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I'm trying to write the sieve of Eratosthenes in Coq. I have a function crossout : forall {n:nat}, vector bool n -> nat -> vector bool n. When the sieve finds a number that is prime, it uses crossout to mark all the numbers that are not prime and then recurses on the resulting vector. The sieve obviously can't be structurally recursive on the vector itself, but it is structurally recursive on the length of the vector. What I want is to do something like this:

Fixpoint sieve {n:nat} (v:vector bool n) (acc:nat) {struct n} : list nat :=
  match v with
    | [] => Datatypes.nil
    | false :: v' => sieve v' (S acc)
    | true :: v' => Datatypes.cons acc (sieve (crossout v' acc) (S acc))

But if I write it like this, Coq complains that the length of v' is not a subterm of n. I know that it is, but no matter how I structure the function, I can't seem to convince Coq that it is. Does anyone know how I can?

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1 Answer 1

up vote 3 down vote accepted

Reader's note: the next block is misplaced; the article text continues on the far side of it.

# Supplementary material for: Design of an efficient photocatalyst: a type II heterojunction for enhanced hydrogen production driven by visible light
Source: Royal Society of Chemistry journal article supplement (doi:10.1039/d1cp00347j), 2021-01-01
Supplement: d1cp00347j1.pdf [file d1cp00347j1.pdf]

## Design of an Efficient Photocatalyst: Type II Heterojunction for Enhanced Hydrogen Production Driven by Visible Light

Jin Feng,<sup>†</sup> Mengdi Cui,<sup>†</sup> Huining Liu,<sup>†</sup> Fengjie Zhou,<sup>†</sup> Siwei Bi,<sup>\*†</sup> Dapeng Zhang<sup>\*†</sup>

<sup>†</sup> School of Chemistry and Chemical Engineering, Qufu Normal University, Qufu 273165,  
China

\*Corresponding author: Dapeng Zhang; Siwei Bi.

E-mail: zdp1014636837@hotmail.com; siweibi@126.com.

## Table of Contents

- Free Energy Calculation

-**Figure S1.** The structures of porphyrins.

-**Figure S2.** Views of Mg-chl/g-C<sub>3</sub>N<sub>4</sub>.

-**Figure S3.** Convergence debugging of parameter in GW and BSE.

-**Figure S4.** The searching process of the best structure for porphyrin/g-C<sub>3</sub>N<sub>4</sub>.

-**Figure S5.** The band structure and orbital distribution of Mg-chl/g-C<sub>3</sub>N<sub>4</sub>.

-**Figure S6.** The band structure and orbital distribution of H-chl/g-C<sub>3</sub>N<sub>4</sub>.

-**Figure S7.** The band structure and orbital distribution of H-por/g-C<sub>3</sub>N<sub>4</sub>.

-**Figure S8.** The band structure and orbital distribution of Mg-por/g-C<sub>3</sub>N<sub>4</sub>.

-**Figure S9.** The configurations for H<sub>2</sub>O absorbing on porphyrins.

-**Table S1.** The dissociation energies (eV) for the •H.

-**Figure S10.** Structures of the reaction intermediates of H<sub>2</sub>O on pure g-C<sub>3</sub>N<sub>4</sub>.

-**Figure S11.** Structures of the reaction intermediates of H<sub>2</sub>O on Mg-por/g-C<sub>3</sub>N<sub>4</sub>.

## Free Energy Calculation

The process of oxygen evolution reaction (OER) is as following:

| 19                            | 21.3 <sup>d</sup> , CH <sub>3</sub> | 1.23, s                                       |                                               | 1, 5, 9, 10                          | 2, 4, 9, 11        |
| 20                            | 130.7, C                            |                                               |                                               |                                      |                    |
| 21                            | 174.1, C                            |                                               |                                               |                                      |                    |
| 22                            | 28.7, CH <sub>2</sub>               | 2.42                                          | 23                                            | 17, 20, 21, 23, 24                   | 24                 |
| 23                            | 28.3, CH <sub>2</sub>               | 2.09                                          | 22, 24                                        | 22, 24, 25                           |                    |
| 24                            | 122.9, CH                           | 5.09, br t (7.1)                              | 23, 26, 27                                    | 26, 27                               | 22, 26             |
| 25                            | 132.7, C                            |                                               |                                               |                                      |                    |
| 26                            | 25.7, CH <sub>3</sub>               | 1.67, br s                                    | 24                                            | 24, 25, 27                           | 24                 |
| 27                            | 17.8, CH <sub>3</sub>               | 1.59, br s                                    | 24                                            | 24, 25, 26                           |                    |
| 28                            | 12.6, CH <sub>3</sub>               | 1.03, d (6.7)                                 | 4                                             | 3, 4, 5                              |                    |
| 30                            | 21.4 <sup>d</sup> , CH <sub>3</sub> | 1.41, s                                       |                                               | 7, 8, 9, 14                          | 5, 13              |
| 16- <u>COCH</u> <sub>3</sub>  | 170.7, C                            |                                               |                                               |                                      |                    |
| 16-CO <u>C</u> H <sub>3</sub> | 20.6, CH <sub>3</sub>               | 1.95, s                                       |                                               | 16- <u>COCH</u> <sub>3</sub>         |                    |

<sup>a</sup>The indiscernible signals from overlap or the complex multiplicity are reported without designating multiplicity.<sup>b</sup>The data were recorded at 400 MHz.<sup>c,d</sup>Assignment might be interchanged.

This is one of the most common pitfalls with dependent types in Coq. What is happening intuitively is that as soon as you pattern match on v, Coq "forgets" that the length of that vector is actually n, and loses the connection between the length of v' and the predecessor of n. The solution here is to apply what Adam Chlipala calls the convoy pattern, and make the pattern match return a function. While it is possible to do it by pattern matching on v, I think it is easier to do it by pattern matching on n:

Require Import Vector.

Axiom crossout : forall {n}, t bool n -> nat -> t bool n.

Fixpoint sieve {n:nat} : t bool n -> nat -> list nat :=
  match n with
    | 0 => fun _ _ => Datatypes.nil
    | S n' => fun v acc =>
                if hd v then
                  Datatypes.cons acc (sieve (crossout (tl v) acc) (S acc))
                  sieve (tl v) (S acc)

Notice how the header of sieve has changed a little bit: now the return type is actually a function to help Coq's type inference.

For more information, check out Adam's book:

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Thanks so much for this. I figured this out something like an hour before you posted, but I wasn't sure whether it was the "canonical" solution. – nosewings Jun 10 '13 at 6:37

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